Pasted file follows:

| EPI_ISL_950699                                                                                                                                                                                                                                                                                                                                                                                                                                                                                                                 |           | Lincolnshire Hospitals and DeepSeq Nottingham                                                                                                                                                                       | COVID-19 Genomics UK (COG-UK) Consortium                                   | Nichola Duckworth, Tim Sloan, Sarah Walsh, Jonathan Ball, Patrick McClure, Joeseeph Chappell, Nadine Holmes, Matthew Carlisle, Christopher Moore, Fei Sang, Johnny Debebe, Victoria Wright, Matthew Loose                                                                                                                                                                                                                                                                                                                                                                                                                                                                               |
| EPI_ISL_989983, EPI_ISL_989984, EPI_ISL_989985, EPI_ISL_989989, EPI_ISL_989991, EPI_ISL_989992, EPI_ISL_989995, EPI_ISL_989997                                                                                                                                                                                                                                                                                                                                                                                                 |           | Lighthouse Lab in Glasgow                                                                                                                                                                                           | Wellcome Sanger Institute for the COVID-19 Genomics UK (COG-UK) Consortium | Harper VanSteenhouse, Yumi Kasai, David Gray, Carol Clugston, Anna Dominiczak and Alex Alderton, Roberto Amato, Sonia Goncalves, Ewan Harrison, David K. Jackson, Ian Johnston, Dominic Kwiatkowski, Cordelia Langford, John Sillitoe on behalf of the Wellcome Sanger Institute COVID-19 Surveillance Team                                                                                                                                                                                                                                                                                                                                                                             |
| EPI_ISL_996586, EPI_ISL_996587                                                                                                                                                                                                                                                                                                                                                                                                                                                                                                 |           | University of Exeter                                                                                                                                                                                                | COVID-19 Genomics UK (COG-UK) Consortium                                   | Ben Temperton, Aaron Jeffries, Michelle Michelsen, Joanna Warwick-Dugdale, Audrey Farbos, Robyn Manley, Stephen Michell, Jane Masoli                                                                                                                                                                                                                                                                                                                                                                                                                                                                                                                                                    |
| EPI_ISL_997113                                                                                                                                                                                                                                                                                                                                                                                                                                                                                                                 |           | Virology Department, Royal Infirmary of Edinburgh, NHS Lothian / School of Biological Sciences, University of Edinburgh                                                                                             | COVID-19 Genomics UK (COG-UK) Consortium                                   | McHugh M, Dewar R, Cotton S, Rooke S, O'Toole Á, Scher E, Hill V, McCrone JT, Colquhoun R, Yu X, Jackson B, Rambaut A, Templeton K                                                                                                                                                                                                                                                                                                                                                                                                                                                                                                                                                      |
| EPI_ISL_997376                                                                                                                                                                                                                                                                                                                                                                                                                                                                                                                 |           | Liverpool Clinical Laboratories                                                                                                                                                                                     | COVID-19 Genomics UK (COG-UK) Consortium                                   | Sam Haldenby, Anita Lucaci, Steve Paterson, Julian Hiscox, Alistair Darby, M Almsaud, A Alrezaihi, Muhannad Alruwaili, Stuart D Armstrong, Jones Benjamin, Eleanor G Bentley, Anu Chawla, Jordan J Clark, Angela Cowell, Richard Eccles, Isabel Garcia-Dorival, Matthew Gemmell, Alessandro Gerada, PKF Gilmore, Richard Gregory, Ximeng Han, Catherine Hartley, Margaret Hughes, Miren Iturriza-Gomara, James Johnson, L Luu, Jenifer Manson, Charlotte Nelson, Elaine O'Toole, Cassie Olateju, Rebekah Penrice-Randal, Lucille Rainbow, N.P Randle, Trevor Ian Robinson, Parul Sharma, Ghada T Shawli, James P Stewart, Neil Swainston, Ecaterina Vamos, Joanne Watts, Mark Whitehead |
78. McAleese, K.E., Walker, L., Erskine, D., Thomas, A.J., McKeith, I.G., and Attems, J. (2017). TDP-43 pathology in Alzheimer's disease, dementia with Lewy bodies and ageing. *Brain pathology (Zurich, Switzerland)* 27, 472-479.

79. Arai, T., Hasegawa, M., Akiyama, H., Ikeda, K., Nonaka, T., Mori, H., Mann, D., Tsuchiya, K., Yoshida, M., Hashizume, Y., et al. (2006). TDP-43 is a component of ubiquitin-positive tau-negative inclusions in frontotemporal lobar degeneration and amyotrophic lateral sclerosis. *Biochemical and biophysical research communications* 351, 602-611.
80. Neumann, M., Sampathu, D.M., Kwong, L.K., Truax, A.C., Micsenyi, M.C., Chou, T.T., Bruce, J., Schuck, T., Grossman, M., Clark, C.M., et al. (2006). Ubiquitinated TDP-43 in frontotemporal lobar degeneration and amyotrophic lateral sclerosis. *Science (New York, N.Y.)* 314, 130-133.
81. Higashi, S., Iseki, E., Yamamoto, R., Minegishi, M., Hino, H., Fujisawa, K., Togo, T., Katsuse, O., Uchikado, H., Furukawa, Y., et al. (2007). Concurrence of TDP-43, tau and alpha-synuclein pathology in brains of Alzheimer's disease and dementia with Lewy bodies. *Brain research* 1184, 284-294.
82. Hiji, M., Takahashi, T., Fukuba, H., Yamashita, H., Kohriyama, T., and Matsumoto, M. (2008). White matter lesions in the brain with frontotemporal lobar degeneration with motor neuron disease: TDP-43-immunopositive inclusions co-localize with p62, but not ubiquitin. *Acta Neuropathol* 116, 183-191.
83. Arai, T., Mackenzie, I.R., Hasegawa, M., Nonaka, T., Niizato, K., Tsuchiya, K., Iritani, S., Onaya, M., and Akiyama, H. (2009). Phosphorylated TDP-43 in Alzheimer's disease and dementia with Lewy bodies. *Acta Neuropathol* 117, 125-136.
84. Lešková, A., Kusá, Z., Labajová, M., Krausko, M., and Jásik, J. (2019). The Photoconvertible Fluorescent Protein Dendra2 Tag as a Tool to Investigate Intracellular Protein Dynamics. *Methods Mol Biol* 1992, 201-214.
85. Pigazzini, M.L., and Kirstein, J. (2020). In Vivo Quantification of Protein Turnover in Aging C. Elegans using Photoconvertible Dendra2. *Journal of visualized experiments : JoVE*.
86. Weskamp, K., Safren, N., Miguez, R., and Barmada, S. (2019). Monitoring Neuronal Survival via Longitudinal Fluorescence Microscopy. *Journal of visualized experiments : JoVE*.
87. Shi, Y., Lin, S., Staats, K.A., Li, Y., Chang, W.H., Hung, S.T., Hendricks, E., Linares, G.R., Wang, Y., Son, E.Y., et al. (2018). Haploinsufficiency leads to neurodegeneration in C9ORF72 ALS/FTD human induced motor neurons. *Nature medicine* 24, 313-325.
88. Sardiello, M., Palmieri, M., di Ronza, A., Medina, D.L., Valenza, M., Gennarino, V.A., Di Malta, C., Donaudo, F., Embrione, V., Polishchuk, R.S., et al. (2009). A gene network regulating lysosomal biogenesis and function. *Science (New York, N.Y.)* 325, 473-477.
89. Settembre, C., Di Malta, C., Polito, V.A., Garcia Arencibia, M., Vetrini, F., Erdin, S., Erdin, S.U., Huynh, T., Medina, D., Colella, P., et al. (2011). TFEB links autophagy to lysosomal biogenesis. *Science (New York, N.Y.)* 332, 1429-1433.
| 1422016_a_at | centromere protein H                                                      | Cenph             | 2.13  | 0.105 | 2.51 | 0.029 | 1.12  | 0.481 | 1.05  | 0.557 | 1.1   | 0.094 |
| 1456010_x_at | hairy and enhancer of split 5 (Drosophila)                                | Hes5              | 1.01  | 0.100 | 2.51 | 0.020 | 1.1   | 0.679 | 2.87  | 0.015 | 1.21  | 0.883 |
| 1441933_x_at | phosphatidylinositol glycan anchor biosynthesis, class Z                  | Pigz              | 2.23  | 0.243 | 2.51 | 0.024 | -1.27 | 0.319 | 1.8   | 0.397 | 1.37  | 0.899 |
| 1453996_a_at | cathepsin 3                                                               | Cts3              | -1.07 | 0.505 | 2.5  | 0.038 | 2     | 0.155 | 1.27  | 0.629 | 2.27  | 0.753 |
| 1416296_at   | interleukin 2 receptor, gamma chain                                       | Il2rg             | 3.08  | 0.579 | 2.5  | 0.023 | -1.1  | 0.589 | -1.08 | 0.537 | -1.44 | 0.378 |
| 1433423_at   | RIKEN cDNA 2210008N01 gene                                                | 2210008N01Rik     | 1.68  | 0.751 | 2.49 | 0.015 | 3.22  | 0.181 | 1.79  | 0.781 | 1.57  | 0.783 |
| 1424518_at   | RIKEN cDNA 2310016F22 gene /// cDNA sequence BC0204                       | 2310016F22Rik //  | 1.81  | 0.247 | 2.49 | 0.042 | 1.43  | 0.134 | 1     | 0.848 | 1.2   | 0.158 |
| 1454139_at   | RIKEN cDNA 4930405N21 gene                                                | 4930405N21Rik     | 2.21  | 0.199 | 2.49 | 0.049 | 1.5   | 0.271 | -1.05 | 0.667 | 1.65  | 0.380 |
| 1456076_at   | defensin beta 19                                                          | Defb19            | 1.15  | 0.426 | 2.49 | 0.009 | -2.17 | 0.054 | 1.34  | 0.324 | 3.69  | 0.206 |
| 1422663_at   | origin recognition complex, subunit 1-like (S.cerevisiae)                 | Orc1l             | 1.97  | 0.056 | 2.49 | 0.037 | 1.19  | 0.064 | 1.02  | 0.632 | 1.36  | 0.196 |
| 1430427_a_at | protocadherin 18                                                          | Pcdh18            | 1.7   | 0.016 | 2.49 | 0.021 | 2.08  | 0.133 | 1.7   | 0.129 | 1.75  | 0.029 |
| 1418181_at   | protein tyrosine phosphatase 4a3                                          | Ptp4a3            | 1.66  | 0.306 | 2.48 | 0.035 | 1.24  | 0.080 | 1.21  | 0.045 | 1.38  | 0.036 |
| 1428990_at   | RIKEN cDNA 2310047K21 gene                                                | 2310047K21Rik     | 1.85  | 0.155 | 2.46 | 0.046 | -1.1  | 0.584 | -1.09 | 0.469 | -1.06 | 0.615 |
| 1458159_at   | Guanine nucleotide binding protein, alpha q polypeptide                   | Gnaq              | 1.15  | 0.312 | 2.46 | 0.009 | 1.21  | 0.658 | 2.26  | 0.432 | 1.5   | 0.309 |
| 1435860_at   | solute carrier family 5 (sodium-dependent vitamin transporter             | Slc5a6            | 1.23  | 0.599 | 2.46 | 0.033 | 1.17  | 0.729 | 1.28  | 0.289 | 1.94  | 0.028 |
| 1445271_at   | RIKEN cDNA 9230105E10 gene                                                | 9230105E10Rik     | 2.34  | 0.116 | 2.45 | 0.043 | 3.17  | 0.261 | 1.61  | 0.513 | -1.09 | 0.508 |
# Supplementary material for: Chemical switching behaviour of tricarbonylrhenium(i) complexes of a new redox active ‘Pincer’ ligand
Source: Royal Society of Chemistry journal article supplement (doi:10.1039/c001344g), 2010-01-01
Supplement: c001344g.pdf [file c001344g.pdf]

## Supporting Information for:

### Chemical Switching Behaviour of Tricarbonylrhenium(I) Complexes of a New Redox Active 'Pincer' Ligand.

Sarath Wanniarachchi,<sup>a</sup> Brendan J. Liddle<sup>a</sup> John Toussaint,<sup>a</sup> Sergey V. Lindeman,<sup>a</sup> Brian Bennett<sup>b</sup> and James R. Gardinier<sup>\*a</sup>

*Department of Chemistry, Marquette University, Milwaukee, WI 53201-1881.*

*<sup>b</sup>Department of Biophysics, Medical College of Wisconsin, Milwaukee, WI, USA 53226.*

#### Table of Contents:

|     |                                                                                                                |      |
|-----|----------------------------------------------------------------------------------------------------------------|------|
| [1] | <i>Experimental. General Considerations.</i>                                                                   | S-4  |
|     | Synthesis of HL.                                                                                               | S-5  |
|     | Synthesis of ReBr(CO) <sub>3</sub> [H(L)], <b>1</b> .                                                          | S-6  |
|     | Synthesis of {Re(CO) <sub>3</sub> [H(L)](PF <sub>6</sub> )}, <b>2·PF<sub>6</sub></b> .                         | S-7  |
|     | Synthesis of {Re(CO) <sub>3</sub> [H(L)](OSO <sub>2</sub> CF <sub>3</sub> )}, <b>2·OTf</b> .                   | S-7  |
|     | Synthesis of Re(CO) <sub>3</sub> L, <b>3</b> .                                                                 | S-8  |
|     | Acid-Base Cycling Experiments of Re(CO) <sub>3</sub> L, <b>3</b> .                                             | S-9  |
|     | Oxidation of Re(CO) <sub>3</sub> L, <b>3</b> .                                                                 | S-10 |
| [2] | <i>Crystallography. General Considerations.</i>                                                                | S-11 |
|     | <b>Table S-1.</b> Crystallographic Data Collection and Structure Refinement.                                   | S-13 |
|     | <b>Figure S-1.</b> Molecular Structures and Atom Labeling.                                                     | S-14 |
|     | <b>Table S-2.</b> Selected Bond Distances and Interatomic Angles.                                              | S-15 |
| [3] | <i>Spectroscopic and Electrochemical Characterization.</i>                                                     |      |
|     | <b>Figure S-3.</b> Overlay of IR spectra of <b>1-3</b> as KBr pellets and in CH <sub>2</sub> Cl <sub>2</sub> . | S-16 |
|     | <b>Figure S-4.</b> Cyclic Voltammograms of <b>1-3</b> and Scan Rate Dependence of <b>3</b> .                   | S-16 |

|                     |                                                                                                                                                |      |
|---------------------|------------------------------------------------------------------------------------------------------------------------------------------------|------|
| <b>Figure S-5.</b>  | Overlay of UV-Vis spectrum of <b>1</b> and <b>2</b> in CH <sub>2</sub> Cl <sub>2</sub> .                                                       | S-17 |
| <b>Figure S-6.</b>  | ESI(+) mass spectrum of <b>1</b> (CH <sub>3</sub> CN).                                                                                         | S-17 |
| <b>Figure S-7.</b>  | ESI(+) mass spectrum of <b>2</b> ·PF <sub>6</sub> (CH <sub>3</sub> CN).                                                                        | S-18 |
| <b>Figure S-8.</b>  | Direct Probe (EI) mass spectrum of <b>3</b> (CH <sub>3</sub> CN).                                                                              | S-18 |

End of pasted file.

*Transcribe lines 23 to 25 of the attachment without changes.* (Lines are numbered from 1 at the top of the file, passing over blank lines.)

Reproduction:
| 1433423_at   | RIKEN cDNA 2210008N01 gene                                                | 2210008N01Rik     | 1.68  | 0.751 | 2.49 | 0.015 | 3.22  | 0.181 | 1.79  | 0.781 | 1.57  | 0.783 |
| 1424518_at   | RIKEN cDNA 2310016F22 gene /// cDNA sequence BC0204                       | 2310016F22Rik //  | 1.81  | 0.247 | 2.49 | 0.042 | 1.43  | 0.134 | 1     | 0.848 | 1.2   | 0.158 |
| 1454139_at   | RIKEN cDNA 4930405N21 gene                                                | 4930405N21Rik     | 2.21  | 0.199 | 2.49 | 0.049 | 1.5   | 0.271 | -1.05 | 0.667 | 1.65  | 0.380 |